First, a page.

Claudia Roth Pierpont's title is taken from George Gershwin's original name for his 1924 Rhapsody in Blue. He wanted to call the work American Rhapsody to convey the "musical kaleidoscope of America — of our vast melting pot, of our unduplicated national pep, of our blues, our metropolitan madness." Bursting with the energy and ecstasy of Jazz Age America, Gershwin's Rhapsody gave the American spirit a pulse.
A longtime arts writer for the New Yorker, Pierpont is the author of Roth Unbound: A Writer and His Books and Passionate Minds: Women Rewriting the World. Here, she tracks the American spirit in 12 essays that portray individuals who have created the books, songs, films and architecture "that have become the common air we breathe and that we call a culture." The result is a compelling group portrait of modern America.
The first profile is of Edith Wharton, who serves as a bridge to modernism. Wharton was a creature of the upper class who wrote fluidly about such "new women" as Lily Bart in The House of Mirth (1905) — young women drawn to New York by the promise of jobs and freedom in the early 20th century. Wharton's own economic independence allowed her to live an untraditional life, traveling in Europe, spending time with men she enjoyed and divorcing a husband she didn't. She won a Pulitzer Prize in 1921 for The Age of Innocence but thought her writing had become "the literary equivalent of tufted furniture and gas chandeliers."
She thanked F. Scott Fitzgerald for sending her a copy of The Great Gatsby in 1925. Fitzgerald gave voice to a decade that roared, and although Wharton continued to write, Pierpont describes her later efforts as "elaborately staged and stiffly posed tableaux vivants, like the frozen theatrical scenes put on at society parties in The House of Mirth."
Gatsby's author was the writer who defined America's Jazz Age. In 1924, the same year as the debut of Rhapsody in Blue, Fitzgerald announced to his editor Max Perkins that he was completing "the best American novel ever written." Twenty-eight years old when The Great Gatsby came out the next year, Fitzgerald was already a celebrity because of his two popular Jazz Age novels, This Side of Paradise and The Beautiful and Damned. But Gatsby was a surprising commercial failure and achieved success only after Fitzgerald's death in 1940. His lasting importance, Pierpont suggests, grows from his relentless embrace of romance. In his final completed novel, Tender Is the Night (1934), Fitzgerald rhapsodized about ordinary places where "chicle factories fumed and link belts grew link by link in factories." He never stopped relishing the wonder of it all.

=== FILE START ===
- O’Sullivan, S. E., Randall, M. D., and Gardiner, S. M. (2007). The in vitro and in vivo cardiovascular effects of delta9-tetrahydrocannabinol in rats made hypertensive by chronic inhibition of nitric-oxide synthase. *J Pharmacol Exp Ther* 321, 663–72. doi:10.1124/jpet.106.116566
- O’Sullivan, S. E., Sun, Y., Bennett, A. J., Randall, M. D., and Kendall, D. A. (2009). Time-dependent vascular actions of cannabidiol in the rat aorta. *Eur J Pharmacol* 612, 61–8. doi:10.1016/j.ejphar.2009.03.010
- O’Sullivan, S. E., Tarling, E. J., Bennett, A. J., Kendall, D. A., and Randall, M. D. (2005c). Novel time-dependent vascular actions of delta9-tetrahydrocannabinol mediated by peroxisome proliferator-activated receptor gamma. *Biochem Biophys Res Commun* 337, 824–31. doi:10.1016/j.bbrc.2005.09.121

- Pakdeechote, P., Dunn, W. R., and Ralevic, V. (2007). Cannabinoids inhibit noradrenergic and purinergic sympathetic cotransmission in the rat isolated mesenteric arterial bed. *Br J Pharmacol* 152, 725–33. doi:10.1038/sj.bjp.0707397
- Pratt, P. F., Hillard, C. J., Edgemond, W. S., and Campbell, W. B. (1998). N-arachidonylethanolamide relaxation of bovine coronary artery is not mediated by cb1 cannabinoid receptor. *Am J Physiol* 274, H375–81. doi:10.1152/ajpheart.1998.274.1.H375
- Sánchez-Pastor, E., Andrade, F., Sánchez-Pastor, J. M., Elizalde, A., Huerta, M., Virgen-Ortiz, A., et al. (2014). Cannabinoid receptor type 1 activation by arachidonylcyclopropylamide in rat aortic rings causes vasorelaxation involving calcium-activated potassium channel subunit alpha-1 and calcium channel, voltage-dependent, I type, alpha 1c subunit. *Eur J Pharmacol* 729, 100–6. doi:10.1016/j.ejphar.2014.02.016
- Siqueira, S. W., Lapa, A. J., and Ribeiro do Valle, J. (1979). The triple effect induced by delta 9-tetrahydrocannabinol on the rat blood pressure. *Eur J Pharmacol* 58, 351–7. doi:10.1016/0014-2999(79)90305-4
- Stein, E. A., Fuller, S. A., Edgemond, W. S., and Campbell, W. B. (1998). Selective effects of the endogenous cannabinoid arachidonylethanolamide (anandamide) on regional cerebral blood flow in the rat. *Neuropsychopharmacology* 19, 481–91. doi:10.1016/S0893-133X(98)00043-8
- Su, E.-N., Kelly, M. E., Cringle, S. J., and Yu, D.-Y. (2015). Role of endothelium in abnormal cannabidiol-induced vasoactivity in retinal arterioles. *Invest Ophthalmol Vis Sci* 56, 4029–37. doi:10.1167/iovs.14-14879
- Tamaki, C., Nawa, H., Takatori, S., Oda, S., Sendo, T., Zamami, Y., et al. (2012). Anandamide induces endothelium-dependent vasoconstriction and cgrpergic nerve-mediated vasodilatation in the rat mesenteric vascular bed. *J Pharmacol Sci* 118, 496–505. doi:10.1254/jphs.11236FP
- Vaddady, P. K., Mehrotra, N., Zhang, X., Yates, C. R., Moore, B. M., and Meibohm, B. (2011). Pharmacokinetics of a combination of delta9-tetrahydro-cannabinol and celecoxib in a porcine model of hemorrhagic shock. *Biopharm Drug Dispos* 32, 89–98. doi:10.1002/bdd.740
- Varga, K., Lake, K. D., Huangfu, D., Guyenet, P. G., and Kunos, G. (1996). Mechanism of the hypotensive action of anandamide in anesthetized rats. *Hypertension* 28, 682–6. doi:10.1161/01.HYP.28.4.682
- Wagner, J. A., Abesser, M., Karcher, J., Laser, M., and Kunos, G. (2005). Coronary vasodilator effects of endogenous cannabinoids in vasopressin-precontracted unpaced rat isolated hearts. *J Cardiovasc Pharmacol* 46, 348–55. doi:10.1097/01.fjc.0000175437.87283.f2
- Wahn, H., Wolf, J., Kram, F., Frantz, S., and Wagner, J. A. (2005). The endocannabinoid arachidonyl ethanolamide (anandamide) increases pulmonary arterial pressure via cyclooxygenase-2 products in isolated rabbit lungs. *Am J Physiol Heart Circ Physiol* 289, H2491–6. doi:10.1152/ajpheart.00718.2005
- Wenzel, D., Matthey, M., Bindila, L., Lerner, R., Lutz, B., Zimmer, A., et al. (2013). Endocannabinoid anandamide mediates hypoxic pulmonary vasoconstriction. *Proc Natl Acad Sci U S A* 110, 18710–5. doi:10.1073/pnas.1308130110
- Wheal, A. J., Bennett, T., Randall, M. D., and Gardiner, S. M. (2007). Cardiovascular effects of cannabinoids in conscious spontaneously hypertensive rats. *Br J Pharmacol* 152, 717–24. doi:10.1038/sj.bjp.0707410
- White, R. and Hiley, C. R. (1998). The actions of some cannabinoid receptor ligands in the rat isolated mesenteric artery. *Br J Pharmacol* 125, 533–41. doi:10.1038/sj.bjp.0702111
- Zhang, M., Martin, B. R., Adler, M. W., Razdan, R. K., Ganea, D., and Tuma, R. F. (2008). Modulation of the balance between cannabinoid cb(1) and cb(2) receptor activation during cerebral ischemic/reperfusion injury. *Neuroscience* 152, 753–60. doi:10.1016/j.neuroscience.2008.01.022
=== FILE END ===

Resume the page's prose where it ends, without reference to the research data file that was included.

Another of Pierpont's revealing profiles describes an architectural "wonder" that sent the modernist spirit soaring. The Chrysler Building, completed in 1930, was the product of automobile titan Walter Chrysler's ego. He felt no embarrassment about naming the building after himself and saw it as a way to generate an "epic of publicity" for his business. Designed by William Van Alen, the art deco skyscraper featured a stunning crown made of always lustrous steel and a spire that was "cloud-piercing." Pierpont writes that the building's "illusion" was essential to its identity: The spire rises to "an impossible slenderness that disappears gradually, like a bird flying out of sight." The implication is that "somewhere in the empyrean, infinitely tall, the Chrysler Building is still rising."
Illusion as a profession is central to Pierpont's essays on Orson Welles, Marlon Brando and particularly Katharine Hepburn. Since Charlie Chaplin leapt off the screen and into the popular imagination in 1914, movie stars have been central to the evolution of America's personality culture. But box office popularity is a harrowing existence, as Hepburn's career testifies. She was a success in the early 1930s but lapsed into "box office poison" by 1938. Playwright Philip Barry soon rescued her with a Broadway success, The Philadelphia Story, and her then-boyfriend Howard Hughes lent her money to buy the film rights. The tremendous success of that film gave her economic independence and control over her career. Ultimately, Pierpont writes, Hepburn created an image that "embodied the most sought-after strengths of modern women ... intelligence, independence, gall."
Three of the 12 essays focus on important African-Americans whose careers spanned the century: performer Bert Williams, writer James Baldwin and musical legend Nina Simone. Each of their lives chronicles a search for inclusiveness in mainstream American culture. The idea of illusion was central to Williams' minstrelsy: Light-skinned, he "blacked up" to perform, a tradition Paul Laurence Dunbar described in 1896 as a mask "that grins and lies, / It hides our cheeks and shades our eyes."
Baldwin wrote about race and yearning amid the civil rights turmoil of the 1950s and '60s; Pierpont writes that although he often left the United States to live in Paris and Istanbul, the '60s "were inescapably Baldwin's decade." His bestsellers Another Country and The Fire Next Time landed him on Time magazine's cover in 1963.
Pierpont's concluding profile focuses on the remarkable but troubled Simone (1933-2003). She has recently been rediscovered, but not without controversy. A new biopic, Nina, stars Zoe Saldana, who is lighter-skinned than Simone. As Pierpont writes, "There is no escaping the fact that her casting represents exactly the sort of prejudice that Simone was always up against."
In one guise or another, illusion plays a central role in each of Pierpont's profiles. Her book is an ingenious and captivating way to spotlight the kaleidoscopic rhapsody of America's spirit.
Amy Henderson is historian emerita of the National Portrait Gallery.